Watch animal live cams. Who doesn’t love animals? I’ve found that kids who really struggle to show empathy with other kids are still very likely to empathize and care about animals. With that, there are many free animal live cams you can stream. In my classroom, we loved watching an owl cam, a bald eagle nest, and even a giraffe who was about to have a baby. Of course, there are many ways to integrate science, reading, and writing to any of these animal live cams. This can be a great way to help kids learn to care about and for something else.
Have a daily morning meeting. It’s important to give every student a daily check-in time. Every child and young adult needs to know they are valued, loved, and supported. Use a 10-minute morning meeting time to check-in with students and let every voice be heard.
Teach coping strategies. Kids and young adults need effective strategies for managing their tough emotions. Spend time teaching, discussing, and practicing a variety of strategies that might work for them. Practice mindful coloring, listening to music, exercising, and even yoga. It’s important to practice these activities when students are calm so that they can use them when they really need them the most. Use these coping strategies visuals or grab this free coping strategies list to give you some ideas on how to start! Also, read up on some fun and unique ways to teach coping strategies to kids and young adults.
Start an emotion journal. Help students connect with their own emotions by journaling and writing about how they are feeling. This is something that can be done first thing in the morning to help students start the day off in a positive way. Give time for students to share their feelings if they are comfortable. Not only will students benefit from expressing themselves, but others will build empathy by hearing the thoughts and feelings of those around them.
Teach how to see the other side. Learners need to understand that we all have different opinions and thoughts. Use topics such as “favorite pizza” and “best sport” to drive conversations about differences of opinions. Help all students see that we all think differently and that’s perfectly okay.
Give responsibilities. Use student strengths and abilities to give every student
Teach how our words matter. Have each student draw a heart on paper and cut it out. Talk about different things we can say to each other that can be kind or hurtful. For each statement, have students make a fold in their heart. At the end of the activity, open the heart back up and discuss that the marks are still there long after the words have been said. Remind students that our words leave a lasting impact so it’s important to stop and think about what we say to each other.
Build confidence. Sometimes kids and young adults who lack empathy appear to be over-confident because they don’t seem to care how others feel in the moment. However, this can actually be superficial. These learners may actually struggle with feelings of rejection from their peers, leading to lower self-confidence. Make sure to spend time on building every child up and helping them share their strengths, passions, and dreams. When kids feel better, they usually do better, too. Use these confidence-building activities to get started.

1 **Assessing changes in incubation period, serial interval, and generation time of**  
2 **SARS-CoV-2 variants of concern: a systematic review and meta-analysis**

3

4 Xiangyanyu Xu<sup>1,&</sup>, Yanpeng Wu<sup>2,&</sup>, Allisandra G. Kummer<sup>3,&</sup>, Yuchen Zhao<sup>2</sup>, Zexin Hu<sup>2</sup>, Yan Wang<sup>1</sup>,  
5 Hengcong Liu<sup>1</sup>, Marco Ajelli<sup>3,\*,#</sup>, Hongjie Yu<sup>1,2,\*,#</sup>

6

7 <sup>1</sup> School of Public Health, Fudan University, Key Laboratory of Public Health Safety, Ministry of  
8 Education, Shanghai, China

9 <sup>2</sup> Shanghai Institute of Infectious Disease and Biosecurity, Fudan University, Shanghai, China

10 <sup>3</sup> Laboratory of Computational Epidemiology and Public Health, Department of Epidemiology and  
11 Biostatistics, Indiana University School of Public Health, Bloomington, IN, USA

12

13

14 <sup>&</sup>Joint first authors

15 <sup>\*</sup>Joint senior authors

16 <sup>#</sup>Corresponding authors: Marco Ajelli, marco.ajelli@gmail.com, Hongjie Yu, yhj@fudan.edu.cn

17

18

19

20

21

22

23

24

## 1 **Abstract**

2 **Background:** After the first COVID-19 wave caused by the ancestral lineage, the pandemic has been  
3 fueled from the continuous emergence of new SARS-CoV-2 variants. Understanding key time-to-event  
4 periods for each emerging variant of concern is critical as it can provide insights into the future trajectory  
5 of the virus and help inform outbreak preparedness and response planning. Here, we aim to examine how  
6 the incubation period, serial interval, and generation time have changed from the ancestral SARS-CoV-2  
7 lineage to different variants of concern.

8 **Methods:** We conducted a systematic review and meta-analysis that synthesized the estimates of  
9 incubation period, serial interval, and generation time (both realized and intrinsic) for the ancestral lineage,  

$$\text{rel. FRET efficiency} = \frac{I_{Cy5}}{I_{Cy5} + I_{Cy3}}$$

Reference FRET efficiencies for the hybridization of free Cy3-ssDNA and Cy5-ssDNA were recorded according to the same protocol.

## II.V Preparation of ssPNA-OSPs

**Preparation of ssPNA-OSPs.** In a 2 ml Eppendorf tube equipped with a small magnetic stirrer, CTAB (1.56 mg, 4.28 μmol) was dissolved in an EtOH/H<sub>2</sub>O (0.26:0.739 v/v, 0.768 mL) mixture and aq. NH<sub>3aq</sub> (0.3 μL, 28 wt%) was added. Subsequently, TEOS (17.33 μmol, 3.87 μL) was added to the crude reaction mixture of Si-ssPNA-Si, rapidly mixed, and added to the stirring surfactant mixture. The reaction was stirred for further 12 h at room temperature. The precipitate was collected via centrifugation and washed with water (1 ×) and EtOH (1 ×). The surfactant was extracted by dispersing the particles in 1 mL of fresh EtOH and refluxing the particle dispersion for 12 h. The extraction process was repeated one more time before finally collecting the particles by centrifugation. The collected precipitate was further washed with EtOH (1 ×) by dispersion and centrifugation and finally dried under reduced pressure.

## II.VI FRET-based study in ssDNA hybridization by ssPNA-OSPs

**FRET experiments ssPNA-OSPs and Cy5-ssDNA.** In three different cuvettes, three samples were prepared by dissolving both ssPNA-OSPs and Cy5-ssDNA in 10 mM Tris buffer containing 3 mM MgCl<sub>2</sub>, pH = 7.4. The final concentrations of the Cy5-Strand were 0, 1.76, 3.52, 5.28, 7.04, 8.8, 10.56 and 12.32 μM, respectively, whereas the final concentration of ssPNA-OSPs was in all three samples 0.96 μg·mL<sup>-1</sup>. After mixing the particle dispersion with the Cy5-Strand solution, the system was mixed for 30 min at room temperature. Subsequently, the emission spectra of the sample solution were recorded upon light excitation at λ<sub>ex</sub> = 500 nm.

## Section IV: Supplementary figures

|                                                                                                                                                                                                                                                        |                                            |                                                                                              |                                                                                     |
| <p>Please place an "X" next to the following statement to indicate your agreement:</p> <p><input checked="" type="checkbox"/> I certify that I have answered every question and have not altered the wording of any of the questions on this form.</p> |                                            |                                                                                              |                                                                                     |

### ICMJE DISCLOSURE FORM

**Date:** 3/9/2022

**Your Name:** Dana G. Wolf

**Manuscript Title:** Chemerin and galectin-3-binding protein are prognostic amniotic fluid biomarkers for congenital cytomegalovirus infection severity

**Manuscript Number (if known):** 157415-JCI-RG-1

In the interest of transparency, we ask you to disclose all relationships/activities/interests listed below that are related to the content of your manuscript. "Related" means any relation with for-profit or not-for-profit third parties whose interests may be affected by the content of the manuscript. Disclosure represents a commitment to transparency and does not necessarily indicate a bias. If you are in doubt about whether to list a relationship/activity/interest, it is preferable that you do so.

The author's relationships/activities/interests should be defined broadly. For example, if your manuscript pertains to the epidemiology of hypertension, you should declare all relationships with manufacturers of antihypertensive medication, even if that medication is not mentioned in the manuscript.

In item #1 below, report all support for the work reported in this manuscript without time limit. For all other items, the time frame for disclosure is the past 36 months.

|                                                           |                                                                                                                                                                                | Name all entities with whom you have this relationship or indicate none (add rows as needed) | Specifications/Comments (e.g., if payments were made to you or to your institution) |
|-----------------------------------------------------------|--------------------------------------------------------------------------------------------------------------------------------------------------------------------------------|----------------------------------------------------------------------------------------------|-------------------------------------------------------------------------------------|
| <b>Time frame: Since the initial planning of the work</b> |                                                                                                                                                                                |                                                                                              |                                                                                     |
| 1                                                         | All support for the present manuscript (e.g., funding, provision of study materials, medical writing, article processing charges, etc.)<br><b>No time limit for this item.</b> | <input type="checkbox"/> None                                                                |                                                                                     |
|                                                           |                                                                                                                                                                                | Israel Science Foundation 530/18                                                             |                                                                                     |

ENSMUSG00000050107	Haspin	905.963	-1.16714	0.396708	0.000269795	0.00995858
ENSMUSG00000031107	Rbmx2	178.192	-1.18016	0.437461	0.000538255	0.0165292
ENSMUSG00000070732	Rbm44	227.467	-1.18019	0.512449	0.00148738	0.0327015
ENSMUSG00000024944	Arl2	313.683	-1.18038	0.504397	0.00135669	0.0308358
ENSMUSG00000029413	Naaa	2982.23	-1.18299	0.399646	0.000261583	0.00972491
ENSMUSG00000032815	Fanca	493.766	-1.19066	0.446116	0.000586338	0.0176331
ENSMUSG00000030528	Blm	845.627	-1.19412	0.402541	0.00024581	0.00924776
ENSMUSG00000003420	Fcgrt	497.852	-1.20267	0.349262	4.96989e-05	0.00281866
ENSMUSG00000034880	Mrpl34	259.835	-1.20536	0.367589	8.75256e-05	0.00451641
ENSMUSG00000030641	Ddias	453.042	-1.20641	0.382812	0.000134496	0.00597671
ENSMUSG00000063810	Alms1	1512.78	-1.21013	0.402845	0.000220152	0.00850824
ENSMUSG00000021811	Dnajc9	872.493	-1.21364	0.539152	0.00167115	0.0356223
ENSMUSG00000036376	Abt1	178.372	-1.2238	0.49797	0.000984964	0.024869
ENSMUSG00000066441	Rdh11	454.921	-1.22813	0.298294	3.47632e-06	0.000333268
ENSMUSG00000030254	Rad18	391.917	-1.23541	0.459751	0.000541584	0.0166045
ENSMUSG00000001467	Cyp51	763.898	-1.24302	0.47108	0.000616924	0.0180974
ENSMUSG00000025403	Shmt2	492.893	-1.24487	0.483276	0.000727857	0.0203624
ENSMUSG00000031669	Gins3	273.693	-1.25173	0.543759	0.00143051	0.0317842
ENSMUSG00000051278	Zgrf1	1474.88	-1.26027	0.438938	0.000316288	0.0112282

Collaborate with school specialists. If you have a student who is struggling with showing empathy, talk with the school counselor or social worker for additional input and ideas. It might even be beneficial to have them come into your class for a quick lesson or activity.
Practice mindfulness. Kids and young adults can greatly benefit from learning to be in touch with their own emotions first and foremost. Spend 5 or 10 minutes practicing mindfulness after lunch, before a big test, or just to start the morning out in a more positive way. Read up on ways you can practice mindfulness and some free resources to help you practice mindfulness with students.
Encourage random acts of kindness. Kindness is about being thoughtful without expecting anything in return. Teaching and encouraging kind acts can help learners start to think about the feelings of others. You can start a random acts of kindness jar or bulletin board in the classroom. When a student witnesses a kind act, have them write it on a slip and post it. At the end of the month, you can choose to pick one randomly to win a special reward.
Engage in community service. Empathy and compassion go hand-in-hand. Encourage learners to think about the community and world by doing community service acts. Spend time cleaning up the courtyard, visit another class to read books to younger students, or even come up with a plan to donate supplies to a local animal rescue organization.
Start a kindness share. Give each student a piece of paper (have them cut it into a heart if you want!). Have students write their names on the paper and pass it to their right. When they get a piece of paper, they should write something kind about that person right on the paper. Continue the share until all students have written something kind about someone else. At the end, every child will have given back AND gotten kind words in return.
Teach students to respectfully disagree. Part of building empathy means recognizing that others can think differently from you. Help students learn the skills to accept and respect the opinions of others when they disagree. Encourage students to use phrases like, “I see your point,” and “I have a different point of view, but I see where you are coming from.”
Teach social-emotional learning explicitly. Give social and emotional learning the time it needs by dedicating time each day or week to these skills. One of my favorite strategies for this is using a daily
Do you have other strategies for building empathy? I’d love to hear